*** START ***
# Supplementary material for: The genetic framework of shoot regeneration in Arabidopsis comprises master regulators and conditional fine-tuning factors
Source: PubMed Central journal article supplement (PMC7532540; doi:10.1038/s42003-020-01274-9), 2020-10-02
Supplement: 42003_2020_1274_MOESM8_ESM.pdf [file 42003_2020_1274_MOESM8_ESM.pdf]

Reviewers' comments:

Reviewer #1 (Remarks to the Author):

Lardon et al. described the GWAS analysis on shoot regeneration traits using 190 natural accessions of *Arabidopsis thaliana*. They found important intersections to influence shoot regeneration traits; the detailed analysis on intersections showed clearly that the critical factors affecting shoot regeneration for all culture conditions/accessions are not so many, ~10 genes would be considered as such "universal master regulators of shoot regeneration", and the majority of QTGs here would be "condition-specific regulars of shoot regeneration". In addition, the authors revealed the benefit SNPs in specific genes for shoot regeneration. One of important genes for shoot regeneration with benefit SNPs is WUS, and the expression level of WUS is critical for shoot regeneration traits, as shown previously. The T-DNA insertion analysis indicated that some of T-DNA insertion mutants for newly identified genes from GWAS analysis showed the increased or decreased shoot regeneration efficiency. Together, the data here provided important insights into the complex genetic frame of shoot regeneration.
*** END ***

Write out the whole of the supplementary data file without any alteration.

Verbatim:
# Supplementary material for: The genetic framework of shoot regeneration in Arabidopsis comprises master regulators and conditional fine-tuning factors
Source: PubMed Central journal article supplement (PMC7532540; doi:10.1038/s42003-020-01274-9), 2020-10-02
Supplement: 42003_2020_1274_MOESM8_ESM.pdf [file 42003_2020_1274_MOESM8_ESM.pdf]

Reviewers' comments:

Reviewer #1 (Remarks to the Author):

Lardon et al. described the GWAS analysis on shoot regeneration traits using 190 natural accessions of *Arabidopsis thaliana*. They found important intersections to influence shoot regeneration traits; the detailed analysis on intersections showed clearly that the critical factors affecting shoot regeneration for all culture conditions/accessions are not so many, ~10 genes would be considered as such "universal master regulators of shoot regeneration", and the majority of QTGs here would be "condition-specific regulars of shoot regeneration". In addition, the authors revealed the benefit SNPs in specific genes for shoot regeneration. One of important genes for shoot regeneration with benefit SNPs is WUS, and the expression level of WUS is critical for shoot regeneration traits, as shown previously. The T-DNA insertion analysis indicated that some of T-DNA insertion mutants for newly identified genes from GWAS analysis showed the increased or decreased shoot regeneration efficiency. Together, the data here provided important insights into the complex genetic frame of shoot regeneration.